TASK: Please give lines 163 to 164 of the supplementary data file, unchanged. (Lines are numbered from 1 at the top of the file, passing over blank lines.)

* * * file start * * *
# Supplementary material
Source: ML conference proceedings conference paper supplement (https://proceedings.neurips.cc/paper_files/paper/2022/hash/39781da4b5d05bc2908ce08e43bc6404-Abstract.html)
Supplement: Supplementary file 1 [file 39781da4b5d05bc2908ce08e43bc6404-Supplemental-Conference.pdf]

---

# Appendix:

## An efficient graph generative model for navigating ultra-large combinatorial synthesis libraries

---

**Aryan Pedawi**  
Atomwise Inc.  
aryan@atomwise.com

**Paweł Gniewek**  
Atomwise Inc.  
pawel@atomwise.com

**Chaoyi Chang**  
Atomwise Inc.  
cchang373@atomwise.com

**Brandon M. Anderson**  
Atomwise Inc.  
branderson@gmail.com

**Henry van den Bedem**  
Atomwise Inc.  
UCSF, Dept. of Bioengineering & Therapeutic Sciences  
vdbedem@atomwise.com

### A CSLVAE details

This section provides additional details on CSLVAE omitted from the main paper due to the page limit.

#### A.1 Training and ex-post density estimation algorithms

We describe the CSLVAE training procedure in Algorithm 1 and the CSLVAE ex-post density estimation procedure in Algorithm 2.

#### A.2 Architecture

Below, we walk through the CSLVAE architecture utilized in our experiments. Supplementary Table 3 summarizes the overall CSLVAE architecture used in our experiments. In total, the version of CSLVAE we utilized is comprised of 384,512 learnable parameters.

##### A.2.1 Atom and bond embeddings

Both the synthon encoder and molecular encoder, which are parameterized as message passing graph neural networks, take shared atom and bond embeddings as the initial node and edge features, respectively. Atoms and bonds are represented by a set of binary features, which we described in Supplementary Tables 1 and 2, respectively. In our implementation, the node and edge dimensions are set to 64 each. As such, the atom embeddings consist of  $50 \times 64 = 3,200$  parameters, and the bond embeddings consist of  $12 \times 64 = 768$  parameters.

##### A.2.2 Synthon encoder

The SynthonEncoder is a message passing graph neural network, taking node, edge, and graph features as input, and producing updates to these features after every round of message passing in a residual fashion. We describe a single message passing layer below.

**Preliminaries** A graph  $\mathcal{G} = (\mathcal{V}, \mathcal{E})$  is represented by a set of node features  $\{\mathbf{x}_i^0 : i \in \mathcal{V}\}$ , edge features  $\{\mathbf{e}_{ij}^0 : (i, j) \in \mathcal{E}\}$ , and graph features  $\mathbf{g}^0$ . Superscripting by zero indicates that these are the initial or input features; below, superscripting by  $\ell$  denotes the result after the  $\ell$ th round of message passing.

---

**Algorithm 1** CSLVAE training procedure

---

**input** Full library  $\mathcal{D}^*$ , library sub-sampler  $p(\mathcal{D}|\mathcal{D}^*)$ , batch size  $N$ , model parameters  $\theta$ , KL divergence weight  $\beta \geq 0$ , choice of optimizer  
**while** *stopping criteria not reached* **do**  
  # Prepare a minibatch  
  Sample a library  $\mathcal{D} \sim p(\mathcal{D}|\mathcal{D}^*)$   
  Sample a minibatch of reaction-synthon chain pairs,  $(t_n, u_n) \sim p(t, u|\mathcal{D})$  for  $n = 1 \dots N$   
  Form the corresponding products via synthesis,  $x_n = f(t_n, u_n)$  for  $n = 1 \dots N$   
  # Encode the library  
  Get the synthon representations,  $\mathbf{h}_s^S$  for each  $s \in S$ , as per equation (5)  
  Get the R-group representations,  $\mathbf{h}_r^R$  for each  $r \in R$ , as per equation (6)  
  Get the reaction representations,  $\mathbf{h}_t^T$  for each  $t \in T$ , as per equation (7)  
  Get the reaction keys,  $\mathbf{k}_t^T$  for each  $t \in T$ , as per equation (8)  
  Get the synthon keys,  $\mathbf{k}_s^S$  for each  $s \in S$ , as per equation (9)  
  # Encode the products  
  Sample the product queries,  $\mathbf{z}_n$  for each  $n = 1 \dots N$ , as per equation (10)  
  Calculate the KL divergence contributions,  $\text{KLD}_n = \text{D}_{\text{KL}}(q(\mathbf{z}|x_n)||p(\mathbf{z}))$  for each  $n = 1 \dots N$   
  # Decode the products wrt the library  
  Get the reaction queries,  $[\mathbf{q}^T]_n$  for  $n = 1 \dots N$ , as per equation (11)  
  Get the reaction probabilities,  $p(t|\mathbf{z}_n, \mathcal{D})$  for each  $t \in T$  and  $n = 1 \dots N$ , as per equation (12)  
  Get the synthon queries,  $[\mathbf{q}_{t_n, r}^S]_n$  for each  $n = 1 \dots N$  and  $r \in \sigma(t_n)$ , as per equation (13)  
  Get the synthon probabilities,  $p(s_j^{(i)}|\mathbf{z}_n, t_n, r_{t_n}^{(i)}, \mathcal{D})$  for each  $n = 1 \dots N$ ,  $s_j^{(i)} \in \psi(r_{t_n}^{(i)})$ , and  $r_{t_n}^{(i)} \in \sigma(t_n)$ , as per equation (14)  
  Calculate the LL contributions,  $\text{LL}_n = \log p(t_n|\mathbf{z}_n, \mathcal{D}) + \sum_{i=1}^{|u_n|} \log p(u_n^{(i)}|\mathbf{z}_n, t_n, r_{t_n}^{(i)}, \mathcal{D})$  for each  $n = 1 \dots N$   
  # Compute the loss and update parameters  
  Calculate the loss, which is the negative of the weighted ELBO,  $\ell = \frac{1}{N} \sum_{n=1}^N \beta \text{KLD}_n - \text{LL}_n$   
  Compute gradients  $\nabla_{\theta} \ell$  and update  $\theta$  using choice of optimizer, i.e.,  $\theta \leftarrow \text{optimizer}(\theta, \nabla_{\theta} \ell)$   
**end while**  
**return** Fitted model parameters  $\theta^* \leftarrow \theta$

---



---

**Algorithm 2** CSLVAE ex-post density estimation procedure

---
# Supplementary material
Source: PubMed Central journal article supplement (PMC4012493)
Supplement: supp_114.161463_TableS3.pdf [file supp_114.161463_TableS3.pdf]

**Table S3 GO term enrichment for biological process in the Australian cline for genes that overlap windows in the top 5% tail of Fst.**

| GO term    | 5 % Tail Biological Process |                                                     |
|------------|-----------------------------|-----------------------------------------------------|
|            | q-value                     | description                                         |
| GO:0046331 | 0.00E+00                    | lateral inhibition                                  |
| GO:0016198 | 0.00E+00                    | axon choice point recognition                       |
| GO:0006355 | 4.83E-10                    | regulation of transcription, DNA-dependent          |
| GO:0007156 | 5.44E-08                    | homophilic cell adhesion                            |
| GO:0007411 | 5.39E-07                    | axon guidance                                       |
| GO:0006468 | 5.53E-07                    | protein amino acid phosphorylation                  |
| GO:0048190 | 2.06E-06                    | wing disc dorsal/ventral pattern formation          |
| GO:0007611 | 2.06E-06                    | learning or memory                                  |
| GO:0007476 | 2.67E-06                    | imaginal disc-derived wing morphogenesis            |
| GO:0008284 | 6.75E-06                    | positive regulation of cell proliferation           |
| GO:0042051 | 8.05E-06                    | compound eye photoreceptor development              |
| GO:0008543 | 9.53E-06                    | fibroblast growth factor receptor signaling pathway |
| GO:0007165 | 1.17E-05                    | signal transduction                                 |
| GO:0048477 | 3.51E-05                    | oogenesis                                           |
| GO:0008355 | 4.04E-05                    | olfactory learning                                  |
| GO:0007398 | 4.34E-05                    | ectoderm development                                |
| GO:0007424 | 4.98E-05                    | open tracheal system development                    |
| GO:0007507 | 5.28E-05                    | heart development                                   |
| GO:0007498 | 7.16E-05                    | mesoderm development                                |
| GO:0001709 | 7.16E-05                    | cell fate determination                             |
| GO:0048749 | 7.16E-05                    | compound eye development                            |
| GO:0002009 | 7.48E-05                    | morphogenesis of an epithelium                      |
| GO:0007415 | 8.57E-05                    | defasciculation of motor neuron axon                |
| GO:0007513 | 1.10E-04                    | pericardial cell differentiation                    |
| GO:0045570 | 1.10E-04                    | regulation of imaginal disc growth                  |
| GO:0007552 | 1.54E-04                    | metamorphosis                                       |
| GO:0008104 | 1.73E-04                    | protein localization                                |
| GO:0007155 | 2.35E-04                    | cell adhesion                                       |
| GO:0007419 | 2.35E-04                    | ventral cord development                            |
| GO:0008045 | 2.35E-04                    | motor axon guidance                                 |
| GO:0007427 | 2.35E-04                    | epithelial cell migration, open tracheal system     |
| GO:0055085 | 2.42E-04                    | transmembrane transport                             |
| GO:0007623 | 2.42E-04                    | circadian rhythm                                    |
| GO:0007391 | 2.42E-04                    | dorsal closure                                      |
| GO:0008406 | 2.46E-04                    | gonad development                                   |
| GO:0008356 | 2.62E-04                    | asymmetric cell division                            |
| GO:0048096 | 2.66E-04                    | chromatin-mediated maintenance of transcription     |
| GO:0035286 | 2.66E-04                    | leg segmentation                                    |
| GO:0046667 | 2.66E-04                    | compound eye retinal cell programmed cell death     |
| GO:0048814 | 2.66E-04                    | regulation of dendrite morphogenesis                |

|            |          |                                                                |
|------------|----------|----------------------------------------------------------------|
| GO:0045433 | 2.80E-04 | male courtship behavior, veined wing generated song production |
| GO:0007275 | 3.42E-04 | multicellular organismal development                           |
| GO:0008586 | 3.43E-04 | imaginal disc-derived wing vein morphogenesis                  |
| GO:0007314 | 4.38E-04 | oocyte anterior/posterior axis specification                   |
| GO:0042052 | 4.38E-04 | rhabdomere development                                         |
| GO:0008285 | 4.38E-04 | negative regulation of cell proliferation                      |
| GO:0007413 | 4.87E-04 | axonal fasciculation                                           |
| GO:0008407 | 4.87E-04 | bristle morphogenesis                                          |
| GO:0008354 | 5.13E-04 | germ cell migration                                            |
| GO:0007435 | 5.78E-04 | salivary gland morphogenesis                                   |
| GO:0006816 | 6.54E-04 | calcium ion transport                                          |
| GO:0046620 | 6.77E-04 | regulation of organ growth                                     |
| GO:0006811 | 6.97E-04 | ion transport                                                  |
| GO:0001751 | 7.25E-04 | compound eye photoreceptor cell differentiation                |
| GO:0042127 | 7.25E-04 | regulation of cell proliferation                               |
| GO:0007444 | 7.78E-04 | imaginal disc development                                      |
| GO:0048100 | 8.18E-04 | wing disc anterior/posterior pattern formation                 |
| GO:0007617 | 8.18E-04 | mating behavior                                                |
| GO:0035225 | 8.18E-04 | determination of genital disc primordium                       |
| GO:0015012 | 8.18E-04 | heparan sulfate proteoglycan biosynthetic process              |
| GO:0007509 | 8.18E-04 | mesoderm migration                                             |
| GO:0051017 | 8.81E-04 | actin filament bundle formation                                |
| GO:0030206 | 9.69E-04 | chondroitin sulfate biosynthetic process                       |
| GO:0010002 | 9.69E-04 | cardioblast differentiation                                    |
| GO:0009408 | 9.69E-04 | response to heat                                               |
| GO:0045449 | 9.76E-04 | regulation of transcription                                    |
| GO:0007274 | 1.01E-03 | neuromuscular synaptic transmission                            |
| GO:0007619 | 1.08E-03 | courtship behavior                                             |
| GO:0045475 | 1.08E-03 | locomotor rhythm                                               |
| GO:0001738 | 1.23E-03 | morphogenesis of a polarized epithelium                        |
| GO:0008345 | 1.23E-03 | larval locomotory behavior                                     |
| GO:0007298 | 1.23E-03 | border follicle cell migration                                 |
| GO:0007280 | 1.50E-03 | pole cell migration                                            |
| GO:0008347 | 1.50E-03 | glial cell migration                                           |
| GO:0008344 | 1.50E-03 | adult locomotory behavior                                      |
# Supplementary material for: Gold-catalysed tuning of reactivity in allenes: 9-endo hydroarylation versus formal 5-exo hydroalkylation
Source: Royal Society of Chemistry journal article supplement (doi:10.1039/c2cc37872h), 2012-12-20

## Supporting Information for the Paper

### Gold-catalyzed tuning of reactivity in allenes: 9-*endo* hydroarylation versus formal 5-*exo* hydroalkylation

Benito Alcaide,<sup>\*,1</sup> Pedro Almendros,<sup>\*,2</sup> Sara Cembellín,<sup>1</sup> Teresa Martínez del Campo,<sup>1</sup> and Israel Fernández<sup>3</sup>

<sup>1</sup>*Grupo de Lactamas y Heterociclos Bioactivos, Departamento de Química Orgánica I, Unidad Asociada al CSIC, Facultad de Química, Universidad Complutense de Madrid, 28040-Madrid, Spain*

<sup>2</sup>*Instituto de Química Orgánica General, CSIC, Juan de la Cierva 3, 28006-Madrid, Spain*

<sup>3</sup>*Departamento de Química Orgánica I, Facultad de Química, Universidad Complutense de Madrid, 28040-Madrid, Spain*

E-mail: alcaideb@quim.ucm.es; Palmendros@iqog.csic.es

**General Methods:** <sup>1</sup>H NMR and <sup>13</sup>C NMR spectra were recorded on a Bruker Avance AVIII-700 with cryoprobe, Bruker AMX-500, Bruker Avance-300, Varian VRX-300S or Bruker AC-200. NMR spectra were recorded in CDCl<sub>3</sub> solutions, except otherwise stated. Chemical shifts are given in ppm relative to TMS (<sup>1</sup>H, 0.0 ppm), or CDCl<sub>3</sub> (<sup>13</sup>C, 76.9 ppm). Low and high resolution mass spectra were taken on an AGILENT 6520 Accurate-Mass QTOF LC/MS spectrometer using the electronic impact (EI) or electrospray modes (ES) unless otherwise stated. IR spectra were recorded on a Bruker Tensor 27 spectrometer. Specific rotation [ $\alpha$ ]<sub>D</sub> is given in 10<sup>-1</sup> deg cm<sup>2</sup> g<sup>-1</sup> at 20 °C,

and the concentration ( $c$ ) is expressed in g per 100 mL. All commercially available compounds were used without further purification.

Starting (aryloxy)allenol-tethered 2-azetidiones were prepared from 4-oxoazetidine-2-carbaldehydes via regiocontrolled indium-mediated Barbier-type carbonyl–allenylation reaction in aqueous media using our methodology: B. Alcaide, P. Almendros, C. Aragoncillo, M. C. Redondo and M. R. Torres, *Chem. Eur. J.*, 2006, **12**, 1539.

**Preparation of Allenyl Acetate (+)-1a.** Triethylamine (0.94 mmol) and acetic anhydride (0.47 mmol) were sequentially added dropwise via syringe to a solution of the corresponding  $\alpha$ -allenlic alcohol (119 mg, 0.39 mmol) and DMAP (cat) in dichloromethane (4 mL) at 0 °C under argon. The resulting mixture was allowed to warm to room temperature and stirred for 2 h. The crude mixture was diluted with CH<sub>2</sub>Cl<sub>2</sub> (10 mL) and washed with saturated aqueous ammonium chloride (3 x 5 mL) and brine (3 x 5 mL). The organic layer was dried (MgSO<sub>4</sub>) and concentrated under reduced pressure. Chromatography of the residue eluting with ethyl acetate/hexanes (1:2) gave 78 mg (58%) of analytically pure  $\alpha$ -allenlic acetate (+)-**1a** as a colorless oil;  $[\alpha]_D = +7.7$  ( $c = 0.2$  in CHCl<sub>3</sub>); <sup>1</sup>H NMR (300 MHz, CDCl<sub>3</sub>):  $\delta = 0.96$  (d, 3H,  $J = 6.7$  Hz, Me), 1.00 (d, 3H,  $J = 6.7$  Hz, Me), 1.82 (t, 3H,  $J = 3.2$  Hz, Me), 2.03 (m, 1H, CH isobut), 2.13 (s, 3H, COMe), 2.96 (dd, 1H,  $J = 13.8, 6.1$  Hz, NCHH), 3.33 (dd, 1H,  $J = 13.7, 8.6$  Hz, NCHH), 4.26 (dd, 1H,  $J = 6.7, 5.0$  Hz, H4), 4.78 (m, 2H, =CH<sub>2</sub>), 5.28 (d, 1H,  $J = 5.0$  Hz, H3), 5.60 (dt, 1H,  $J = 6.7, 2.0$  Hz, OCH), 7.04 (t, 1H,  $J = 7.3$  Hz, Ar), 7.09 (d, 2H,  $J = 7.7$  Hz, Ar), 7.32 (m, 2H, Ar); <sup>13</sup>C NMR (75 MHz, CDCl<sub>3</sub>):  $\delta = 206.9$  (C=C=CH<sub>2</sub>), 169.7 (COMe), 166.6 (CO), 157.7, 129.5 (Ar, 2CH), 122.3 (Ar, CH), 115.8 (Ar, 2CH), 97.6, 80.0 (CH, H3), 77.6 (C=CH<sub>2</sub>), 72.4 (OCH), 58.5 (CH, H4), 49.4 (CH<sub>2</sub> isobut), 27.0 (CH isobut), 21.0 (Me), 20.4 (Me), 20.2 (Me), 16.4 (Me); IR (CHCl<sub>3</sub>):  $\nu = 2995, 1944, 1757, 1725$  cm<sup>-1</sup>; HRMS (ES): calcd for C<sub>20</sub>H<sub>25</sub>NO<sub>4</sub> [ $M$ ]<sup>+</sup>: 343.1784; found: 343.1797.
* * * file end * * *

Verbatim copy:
Starting (aryloxy)allenol-tethered 2-azetidiones were prepared from 4-oxoazetidine-2-carbaldehydes via regiocontrolled indium-mediated Barbier-type carbonyl–allenylation reaction in aqueous media using our methodology: B. Alcaide, P. Almendros, C. Aragoncillo, M. C. Redondo and M. R. Torres, *Chem. Eur. J.*, 2006, **12**, 1539.

**Preparation of Allenyl Acetate (+)-1a.** Triethylamine (0.94 mmol) and acetic anhydride (0.47 mmol) were sequentially added dropwise via syringe to a solution of the corresponding  $\alpha$ -allenlic alcohol (119 mg, 0.39 mmol) and DMAP (cat) in dichloromethane (4 mL) at 0 °C under argon. The resulting mixture was allowed to warm to room temperature and stirred for 2 h. The crude mixture was diluted with CH<sub>2</sub>Cl<sub>2</sub> (10 mL) and washed with saturated aqueous ammonium chloride (3 x 5 mL) and brine (3 x 5 mL). The organic layer was dried (MgSO<sub>4</sub>) and concentrated under reduced pressure. Chromatography of the residue eluting with ethyl acetate/hexanes (1:2) gave 78 mg (58%) of analytically pure  $\alpha$ -allenlic acetate (+)-**1a** as a colorless oil;  $[\alpha]_D = +7.7$  ( $c = 0.2$  in CHCl<sub>3</sub>); <sup>1</sup>H NMR (300 MHz, CDCl<sub>3</sub>):  $\delta = 0.96$  (d, 3H,  $J = 6.7$  Hz, Me), 1.00 (d, 3H,  $J = 6.7$  Hz, Me), 1.82 (t, 3H,  $J = 3.2$  Hz, Me), 2.03 (m, 1H, CH isobut), 2.13 (s, 3H, COMe), 2.96 (dd, 1H,  $J = 13.8, 6.1$  Hz, NCHH), 3.33 (dd, 1H,  $J = 13.7, 8.6$  Hz, NCHH), 4.26 (dd, 1H,  $J = 6.7, 5.0$  Hz, H4), 4.78 (m, 2H, =CH<sub>2</sub>), 5.28 (d, 1H,  $J = 5.0$  Hz, H3), 5.60 (dt, 1H,  $J = 6.7, 2.0$  Hz, OCH), 7.04 (t, 1H,  $J = 7.3$  Hz, Ar), 7.09 (d, 2H,  $J = 7.7$  Hz, Ar), 7.32 (m, 2H, Ar); <sup>13</sup>C NMR (75 MHz, CDCl<sub>3</sub>):  $\delta = 206.9$  (C=C=CH<sub>2</sub>), 169.7 (COMe), 166.6 (CO), 157.7, 129.5 (Ar, 2CH), 122.3 (Ar, CH), 115.8 (Ar, 2CH), 97.6, 80.0 (CH, H3), 77.6 (C=CH<sub>2</sub>), 72.4 (OCH), 58.5 (CH, H4), 49.4 (CH<sub>2</sub> isobut), 27.0 (CH isobut), 21.0 (Me), 20.4 (Me), 20.2 (Me), 16.4 (Me); IR (CHCl<sub>3</sub>):  $\nu = 2995, 1944, 1757, 1725$  cm<sup>-1</sup>; HRMS (ES): calcd for C<sub>20</sub>H<sub>25</sub>NO<sub>4</sub> [ $M$ ]<sup>+</sup>: 343.1784; found: 343.1797.